That in the instant case, the Respondent allowed the Appellant to stay on the suit land for 19 years and accepted a small part of the same and she is accordingly estopped from coming back to claim the same land.


It is finally concluded that the findings of the lower Court are not supported by the evidence before Court.


It was submitted for the Respondent that she bought the land in her brother (Appellant)’s names to protect her property.


She then relies on PW3 who claims he wrote the agreement knowing the Respondent was the one buying.  She also relied on PW4 a sibling to both parties and PW5 who claimed the land belonged to the Respondent. 


It was submitted that the Appellant never produced a single witness to prove that he purchased the land and that the evidence of DW2 and DW3 was mere hearsay.


It was also submitted that when the Court visited the locus, two witnesses denied knowledge of the acquisition of the land by the Appellant.


I have looked at the submissions by/for the parties.   This Court as a first appellate Court is duty bound to re-examine the evidence before it and make its own conclusions.   The Court has the single handicap of not having had access to the witnesses and to observe their demeanour.


It appears the trial Magistrate believed the witnesses of the Respondent and her own evidence, relying on her observations during trial.   She also concluded at the locus that the general impression she got was that the land belonged to the Respondent.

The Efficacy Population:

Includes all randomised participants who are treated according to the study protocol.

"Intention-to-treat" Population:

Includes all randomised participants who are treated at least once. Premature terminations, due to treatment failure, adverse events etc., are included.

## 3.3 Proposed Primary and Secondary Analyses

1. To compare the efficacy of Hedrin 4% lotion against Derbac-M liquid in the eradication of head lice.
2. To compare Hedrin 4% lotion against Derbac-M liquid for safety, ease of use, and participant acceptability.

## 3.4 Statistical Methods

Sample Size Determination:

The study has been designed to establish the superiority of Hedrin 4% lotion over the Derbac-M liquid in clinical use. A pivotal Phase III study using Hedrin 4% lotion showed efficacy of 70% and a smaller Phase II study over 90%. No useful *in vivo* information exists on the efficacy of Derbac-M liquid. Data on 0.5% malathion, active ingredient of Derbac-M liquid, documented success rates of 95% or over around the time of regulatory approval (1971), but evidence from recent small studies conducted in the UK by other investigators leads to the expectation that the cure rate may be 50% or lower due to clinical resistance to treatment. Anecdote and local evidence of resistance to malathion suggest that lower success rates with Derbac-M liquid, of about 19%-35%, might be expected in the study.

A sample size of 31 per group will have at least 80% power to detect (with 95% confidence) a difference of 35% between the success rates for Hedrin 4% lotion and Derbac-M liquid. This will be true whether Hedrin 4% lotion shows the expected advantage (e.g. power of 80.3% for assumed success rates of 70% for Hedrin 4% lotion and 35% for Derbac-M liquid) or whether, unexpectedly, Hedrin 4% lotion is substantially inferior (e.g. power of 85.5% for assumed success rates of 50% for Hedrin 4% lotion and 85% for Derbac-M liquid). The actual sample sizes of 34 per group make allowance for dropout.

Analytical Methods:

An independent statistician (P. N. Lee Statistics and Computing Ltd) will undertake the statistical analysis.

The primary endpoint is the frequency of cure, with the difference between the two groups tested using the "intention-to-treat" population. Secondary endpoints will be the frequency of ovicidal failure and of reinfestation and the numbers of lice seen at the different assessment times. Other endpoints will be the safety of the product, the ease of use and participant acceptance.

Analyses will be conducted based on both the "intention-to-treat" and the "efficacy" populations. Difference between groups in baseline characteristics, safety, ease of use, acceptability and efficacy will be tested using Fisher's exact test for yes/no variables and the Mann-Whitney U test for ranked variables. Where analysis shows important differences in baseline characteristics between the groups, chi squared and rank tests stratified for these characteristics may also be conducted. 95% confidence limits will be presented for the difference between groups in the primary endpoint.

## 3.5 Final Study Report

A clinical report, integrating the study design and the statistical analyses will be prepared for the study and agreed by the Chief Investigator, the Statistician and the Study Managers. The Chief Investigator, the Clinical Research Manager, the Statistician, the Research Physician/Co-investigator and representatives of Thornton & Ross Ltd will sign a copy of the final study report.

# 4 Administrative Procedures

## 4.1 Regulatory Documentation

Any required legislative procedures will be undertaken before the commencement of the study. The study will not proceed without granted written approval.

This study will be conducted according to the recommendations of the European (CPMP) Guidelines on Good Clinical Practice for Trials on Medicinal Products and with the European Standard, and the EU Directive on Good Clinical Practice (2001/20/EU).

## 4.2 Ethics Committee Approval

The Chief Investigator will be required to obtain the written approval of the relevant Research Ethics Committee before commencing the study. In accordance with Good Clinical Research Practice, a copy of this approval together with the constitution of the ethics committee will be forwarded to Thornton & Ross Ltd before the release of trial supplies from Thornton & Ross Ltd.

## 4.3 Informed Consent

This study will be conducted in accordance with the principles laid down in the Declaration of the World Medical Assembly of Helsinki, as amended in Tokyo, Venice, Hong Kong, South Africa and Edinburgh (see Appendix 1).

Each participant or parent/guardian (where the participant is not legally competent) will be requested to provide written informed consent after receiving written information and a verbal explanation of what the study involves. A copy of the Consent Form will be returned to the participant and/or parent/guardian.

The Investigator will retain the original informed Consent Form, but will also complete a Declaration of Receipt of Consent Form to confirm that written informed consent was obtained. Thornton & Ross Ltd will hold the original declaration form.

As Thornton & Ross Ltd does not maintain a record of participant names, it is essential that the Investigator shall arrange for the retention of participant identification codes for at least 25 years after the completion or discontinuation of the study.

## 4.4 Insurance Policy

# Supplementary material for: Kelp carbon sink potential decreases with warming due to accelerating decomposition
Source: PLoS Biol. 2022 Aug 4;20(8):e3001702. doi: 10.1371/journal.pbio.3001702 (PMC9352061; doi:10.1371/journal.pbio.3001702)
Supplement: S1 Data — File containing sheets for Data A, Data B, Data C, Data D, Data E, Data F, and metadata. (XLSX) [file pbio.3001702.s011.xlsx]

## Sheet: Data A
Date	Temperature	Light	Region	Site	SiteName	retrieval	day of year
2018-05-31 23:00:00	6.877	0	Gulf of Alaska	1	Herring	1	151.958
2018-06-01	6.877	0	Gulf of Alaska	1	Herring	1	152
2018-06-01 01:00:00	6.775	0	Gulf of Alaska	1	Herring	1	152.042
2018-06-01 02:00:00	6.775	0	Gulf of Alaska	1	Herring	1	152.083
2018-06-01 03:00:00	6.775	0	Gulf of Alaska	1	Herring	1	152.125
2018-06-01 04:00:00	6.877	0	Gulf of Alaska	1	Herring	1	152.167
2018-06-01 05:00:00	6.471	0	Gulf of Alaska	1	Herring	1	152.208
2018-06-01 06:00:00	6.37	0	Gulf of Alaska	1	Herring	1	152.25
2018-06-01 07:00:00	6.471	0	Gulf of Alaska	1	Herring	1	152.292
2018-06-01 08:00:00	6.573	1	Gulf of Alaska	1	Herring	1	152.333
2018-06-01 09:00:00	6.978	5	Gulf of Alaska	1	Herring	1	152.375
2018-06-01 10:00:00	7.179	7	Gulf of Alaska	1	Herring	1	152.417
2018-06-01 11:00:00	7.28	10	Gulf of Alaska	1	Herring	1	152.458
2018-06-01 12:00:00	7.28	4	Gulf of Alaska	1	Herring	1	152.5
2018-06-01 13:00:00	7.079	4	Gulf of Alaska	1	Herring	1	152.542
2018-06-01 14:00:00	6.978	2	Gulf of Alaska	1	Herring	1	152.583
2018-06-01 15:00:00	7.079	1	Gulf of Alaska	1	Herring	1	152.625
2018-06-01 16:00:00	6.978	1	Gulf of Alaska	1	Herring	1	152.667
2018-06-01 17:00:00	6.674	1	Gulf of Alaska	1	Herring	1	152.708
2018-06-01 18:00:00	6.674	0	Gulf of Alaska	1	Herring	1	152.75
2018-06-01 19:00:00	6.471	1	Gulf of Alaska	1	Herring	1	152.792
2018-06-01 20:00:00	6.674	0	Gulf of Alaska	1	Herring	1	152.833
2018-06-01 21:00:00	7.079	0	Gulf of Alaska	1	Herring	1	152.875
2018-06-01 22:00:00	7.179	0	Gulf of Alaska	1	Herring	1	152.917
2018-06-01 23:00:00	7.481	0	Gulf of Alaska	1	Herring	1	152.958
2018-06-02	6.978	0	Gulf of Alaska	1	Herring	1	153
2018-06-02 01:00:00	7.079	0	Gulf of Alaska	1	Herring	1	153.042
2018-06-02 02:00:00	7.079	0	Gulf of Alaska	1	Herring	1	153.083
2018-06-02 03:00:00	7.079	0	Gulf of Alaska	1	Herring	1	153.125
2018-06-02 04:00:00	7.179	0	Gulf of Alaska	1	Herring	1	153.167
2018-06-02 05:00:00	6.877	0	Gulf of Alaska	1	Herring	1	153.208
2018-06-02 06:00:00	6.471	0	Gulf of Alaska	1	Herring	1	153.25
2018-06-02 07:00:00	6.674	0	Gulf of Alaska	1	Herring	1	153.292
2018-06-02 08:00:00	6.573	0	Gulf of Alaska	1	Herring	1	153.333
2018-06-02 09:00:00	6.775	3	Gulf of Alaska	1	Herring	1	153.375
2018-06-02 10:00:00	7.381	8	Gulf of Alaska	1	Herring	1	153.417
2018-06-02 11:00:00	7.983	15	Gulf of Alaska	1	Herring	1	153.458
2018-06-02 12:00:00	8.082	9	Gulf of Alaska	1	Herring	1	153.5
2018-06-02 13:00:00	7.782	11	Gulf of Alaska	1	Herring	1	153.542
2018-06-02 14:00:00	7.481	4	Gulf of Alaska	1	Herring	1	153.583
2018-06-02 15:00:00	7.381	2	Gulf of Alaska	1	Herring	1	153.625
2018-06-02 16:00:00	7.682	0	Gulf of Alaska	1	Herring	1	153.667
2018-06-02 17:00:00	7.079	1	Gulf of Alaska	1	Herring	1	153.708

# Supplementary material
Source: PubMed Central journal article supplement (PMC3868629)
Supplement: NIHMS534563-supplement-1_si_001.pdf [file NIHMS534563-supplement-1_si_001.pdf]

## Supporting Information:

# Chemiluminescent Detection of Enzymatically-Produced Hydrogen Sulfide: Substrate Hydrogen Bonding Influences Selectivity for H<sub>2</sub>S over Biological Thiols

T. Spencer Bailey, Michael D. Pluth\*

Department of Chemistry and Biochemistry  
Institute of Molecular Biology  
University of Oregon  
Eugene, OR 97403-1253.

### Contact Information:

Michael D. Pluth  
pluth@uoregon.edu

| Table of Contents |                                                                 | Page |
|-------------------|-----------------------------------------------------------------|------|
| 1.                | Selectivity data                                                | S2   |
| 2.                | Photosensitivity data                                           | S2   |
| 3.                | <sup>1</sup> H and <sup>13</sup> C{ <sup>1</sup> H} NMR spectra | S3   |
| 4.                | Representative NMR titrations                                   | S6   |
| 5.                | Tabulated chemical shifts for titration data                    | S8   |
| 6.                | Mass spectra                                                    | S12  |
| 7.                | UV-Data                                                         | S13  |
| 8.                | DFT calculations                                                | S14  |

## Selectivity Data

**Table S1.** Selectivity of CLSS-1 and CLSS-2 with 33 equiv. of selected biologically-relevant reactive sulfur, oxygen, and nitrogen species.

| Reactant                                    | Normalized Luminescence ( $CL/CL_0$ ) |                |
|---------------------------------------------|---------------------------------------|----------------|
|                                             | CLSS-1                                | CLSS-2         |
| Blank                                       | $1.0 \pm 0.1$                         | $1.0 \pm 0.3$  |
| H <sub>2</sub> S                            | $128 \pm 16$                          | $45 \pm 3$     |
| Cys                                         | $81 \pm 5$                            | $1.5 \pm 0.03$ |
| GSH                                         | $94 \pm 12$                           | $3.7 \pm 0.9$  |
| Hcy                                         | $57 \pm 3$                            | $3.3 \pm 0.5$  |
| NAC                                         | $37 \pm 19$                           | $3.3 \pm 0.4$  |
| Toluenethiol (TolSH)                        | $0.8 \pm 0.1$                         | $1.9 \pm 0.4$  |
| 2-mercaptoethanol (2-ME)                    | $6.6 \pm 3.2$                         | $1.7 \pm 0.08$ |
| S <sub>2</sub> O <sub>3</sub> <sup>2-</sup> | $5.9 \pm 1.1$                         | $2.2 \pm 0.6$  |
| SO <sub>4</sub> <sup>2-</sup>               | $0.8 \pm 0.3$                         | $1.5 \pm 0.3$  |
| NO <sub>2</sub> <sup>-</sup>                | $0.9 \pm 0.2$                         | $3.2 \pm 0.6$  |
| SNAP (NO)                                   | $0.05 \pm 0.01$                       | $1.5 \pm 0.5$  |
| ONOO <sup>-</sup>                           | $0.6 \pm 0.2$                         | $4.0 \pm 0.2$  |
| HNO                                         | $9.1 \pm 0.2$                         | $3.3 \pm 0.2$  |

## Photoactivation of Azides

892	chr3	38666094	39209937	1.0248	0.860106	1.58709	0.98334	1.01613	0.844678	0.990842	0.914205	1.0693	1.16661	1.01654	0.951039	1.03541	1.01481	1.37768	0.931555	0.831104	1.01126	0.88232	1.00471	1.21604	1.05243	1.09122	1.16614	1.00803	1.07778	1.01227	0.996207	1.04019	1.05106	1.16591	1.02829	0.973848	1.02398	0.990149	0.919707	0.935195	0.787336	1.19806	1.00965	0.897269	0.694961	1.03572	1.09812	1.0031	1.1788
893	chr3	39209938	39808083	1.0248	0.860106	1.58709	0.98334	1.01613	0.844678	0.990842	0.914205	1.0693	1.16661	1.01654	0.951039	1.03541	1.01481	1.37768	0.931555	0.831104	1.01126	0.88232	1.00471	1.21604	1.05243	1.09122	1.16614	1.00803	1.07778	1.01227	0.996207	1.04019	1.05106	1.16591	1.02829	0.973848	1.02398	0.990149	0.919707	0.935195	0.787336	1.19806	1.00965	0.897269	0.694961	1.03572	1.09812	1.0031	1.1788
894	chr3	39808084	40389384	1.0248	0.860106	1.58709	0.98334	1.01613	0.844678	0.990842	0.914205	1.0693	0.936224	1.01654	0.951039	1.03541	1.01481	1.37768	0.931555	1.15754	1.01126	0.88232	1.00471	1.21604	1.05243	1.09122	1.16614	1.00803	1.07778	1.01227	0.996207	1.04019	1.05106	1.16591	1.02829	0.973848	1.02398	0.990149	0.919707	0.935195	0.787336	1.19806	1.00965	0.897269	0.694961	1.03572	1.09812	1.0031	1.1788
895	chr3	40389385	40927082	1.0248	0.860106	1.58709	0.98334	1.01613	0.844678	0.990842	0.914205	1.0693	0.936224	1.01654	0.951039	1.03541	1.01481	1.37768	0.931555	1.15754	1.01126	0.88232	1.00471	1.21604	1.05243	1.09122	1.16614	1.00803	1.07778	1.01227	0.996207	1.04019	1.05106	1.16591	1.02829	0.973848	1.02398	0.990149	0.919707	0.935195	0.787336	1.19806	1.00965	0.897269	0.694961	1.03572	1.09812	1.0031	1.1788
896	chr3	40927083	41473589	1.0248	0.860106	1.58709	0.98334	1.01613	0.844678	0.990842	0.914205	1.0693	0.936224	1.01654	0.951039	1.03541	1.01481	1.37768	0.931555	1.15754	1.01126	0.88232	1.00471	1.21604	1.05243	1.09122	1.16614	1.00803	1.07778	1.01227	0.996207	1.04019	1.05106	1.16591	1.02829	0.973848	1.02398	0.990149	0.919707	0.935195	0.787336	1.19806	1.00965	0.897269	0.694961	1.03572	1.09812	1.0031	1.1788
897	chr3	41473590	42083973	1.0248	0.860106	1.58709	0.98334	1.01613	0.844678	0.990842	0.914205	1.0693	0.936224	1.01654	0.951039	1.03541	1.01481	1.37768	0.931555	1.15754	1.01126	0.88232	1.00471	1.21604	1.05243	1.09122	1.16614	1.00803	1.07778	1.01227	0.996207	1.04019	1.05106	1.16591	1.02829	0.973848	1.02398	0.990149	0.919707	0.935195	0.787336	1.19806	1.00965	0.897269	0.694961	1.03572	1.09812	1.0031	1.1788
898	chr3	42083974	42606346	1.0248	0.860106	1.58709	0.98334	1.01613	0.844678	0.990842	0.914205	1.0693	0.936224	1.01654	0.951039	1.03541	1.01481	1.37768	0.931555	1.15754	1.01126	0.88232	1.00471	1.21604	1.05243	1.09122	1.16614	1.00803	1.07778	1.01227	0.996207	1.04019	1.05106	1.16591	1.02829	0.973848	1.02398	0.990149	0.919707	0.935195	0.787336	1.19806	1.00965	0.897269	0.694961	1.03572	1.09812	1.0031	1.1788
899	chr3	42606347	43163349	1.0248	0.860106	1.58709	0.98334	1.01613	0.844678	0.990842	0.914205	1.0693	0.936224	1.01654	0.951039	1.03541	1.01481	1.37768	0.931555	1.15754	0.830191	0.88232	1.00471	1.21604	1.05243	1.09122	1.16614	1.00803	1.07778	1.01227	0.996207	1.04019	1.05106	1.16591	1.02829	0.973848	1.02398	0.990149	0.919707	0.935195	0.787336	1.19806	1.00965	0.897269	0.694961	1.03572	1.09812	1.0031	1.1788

With due respect to the Magistrate, cases are not decided on impressions but on evidence.


It is a fact that the agreement of purchase of the suit property was in the names of the Appellant.   The Respondent was a witness to the sale.  She was also a party to the P.Ex.2 where she accepted a plot from the Appellant.


It is also true that the Appellant has had physical possession of the suit land for over 12 years without any challenge.   Sections 91 and 92 of the Evidence Act are clear and it would be a mockery of the Law of Contract to admit oral evidence that substantially destroys the documentary evidence adduced to which the Respondent did not object.


Further, what she raises cannot be covered by the exceptions provided in Section 92 of the said Evidence Act.


I have had a look at the authorities cited by the Appellant and I do associate myself with the observations therein especially as regards Sections 91 and 92 of the Evidence Act.  In line with the authority of Threeways Shipping Services (supra), the Respondent’s own conduct estops her from claiming any rights on the Suit land especially having even gone to the extent of getting a piece from the Appellant.


No single authority or provision of Law was cited to support the bizire/strange positions forwarded by the Respondent that she wanted to hide the property from her husband (who had died earlier) or from the husband’s relatives and therefore bought land in a strangers names without a single provision for safe guard.


I find that the Respondent claims are not supported by the Law and unfortunately, cases are not decided on the basis of sentiments.


This appeal accordingly succeeds on both grounds.  The Judgment and Orders of the trial Magistrate are set aside.


It is ordered that the Appellant is entitled to quiet and peaceful enjoyment of the suit property.


As to costs, I have considered the fact that the parties are siblings and as a way of promoting harmony, each party will bear their own costs.




Godfrey Namundi








Asingwiire for Appellant

Both parties present

Respondent’s Counsel absent.




Godfrey Namundi